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New report analyses Australia’s foodservice industry performance

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The NPD Group, a global data analytics company, has reported that the total foodservice consumer spend and traffic in Australia was up by 25 and 23 per cent respectively, comparing Q2 2021 with Q2 2020. 

For a pre-pandemic view, industry spend and traffic declined 8 per cent and 14 per cent respectively, versus Q2 2019. 

“The recovery of Australia’s foodservice industry continues to improve, but it will take time before we see pre-pandemic levels of spend and foot traffic,” The NPD Group senior vice president and deputy managing director Asia Pacific Gimantha Jayasinghe said. 

“While there were periods of lockdown across the country in the second quarter of this year, Australia operated with minimal restrictions for the most part. 

“This has led to stronger than expected performance within some foodservice segments, helping to boost overall industry growth when compared to last year.”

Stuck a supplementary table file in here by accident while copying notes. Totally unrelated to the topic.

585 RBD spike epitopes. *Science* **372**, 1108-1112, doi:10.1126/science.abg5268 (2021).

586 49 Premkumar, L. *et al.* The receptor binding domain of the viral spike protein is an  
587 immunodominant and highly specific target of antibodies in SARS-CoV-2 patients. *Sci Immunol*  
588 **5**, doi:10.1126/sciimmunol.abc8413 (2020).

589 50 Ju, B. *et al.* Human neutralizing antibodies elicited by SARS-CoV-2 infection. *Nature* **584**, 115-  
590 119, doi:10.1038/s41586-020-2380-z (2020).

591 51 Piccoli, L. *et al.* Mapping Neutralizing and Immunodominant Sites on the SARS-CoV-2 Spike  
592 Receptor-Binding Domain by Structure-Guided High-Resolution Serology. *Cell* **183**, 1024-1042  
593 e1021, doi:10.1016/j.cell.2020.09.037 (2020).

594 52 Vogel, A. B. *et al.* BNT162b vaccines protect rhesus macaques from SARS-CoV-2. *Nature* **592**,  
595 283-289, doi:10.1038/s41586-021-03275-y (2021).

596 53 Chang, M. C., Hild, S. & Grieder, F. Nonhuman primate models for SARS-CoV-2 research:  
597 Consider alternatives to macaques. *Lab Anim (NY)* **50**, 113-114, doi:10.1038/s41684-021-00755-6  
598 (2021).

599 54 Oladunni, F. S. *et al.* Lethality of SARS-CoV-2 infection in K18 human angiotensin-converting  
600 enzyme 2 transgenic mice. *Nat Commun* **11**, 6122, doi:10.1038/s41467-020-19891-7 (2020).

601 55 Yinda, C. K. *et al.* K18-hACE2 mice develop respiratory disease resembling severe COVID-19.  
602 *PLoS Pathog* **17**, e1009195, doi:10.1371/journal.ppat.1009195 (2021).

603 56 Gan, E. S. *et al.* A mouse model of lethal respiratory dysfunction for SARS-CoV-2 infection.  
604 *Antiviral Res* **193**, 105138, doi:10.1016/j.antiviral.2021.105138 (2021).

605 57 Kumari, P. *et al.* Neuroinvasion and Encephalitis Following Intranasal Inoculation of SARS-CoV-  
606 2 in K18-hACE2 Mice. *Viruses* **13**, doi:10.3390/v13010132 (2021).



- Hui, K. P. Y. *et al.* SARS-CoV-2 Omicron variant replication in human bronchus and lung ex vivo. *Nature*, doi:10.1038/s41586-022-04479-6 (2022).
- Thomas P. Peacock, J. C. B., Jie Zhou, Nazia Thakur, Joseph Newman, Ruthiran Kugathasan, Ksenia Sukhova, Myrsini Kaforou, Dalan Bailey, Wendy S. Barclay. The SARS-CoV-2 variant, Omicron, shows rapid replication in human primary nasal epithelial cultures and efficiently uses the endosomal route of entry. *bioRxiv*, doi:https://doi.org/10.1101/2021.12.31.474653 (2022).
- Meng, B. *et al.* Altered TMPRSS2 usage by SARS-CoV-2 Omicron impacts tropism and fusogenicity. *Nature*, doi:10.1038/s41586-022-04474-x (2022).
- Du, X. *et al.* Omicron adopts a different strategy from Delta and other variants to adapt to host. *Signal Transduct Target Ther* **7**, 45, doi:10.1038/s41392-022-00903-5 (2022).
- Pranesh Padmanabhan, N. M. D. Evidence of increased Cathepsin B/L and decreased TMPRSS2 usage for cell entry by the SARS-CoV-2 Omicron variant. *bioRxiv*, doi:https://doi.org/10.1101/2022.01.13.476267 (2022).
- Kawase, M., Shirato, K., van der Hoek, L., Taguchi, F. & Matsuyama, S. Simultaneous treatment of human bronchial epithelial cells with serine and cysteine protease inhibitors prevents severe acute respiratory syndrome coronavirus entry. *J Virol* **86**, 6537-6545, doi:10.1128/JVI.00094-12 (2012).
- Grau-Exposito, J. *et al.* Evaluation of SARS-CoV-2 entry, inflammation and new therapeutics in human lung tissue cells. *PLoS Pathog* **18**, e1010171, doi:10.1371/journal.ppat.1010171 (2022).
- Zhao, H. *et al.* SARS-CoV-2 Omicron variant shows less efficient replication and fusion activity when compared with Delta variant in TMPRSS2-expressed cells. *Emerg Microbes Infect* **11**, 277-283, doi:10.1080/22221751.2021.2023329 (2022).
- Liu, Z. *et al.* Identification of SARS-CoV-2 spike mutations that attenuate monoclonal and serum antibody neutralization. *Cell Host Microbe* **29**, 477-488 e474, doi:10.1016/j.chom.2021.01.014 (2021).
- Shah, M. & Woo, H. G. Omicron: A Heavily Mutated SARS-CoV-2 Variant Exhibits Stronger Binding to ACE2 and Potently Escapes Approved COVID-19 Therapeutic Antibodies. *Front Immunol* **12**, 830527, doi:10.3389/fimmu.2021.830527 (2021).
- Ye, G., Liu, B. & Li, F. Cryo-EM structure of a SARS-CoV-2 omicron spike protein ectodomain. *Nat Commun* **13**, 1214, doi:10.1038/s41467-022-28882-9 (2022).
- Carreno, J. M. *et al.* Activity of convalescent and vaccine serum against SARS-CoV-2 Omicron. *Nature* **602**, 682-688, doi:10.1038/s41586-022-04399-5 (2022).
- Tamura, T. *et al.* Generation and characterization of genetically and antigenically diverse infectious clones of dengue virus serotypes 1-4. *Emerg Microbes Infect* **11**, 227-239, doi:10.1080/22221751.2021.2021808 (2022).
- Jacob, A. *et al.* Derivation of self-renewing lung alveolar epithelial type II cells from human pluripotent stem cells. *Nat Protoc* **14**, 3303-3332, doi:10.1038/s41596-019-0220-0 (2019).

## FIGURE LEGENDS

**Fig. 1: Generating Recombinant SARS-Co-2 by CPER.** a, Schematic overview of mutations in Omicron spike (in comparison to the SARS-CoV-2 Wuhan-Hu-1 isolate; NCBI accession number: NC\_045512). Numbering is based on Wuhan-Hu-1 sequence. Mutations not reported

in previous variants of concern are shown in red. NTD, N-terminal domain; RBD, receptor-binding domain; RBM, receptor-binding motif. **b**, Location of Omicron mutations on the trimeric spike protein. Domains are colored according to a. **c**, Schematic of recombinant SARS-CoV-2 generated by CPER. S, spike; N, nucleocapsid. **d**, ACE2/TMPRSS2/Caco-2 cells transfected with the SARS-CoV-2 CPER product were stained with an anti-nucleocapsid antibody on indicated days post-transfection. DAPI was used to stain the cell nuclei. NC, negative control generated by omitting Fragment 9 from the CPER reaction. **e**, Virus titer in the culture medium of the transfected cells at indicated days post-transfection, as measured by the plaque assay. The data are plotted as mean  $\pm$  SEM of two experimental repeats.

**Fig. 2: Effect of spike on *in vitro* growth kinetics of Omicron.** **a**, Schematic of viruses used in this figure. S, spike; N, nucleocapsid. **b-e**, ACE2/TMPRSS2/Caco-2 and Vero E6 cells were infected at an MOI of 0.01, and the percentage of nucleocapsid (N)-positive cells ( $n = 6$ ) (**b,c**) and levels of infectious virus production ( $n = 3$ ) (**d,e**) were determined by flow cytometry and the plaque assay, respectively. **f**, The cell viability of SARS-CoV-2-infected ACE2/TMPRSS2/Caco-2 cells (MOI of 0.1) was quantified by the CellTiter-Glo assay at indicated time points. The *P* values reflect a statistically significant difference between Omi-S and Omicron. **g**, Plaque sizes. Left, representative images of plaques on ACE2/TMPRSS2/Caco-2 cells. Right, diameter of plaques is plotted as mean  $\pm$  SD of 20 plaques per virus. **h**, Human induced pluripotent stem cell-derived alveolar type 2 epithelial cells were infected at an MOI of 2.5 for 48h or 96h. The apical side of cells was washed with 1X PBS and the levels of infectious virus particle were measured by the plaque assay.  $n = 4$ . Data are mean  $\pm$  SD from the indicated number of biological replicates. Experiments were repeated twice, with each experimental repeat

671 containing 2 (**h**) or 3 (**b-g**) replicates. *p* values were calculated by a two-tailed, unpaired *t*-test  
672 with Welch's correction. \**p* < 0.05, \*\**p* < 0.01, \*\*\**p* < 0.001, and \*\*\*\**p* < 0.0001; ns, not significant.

The cheque growth rate was up 2 per cent versus Q2 2020, and 7 per cent when compared to Q2 2019. The increase in price per item was the key factor in the cheque growth across all ordering methods excluding pickup, which saw cheque growth driven by items per eater. 

All channels saw average eater cheque gains versus Q2 2019, though QSR declined 2 per cent versus Q2 2020. 

The decline of foodservice traffic versus Q2 2019 was driven by Quick Service Restaurants (QSR), and Full-Service Restaurants (FSR), dropping 12 per cent, and 38 per cent respectively. However, Retail saw traffic growth of 4 per cent versus Q2 2019. 

QSR and Retail showed positive spend performances in the quarter, with both channels experiencing growth when compared to both Q2 2020 and Q2 2019. 

FSR rebounded from the drop in the market in Q2 2020 but was down when compared to Q2 2019, due to the channel being the one most impacted by the recurrence of government restrictions imposed on the industry. 

“The industry is moving towards recovery versus 2019’s performance, led by off-premises services like delivery and drive-thru,” Jayasinghe said. 

“In these uncertain times and with the industry constantly having to adjust to changing restrictions, off-premises services continue to show resilience and growth when compared to pre-pandemic time periods. Thus, there needs to be continued focus on off-premises occasions as we navigate our way out of this pandemic. 

“The traditional on-premises venues likely to prosper in these times are the ones that can adapt and increase their off-premises capabilities. We’re even seeing independents introduce drive-thru to attract new customers.”

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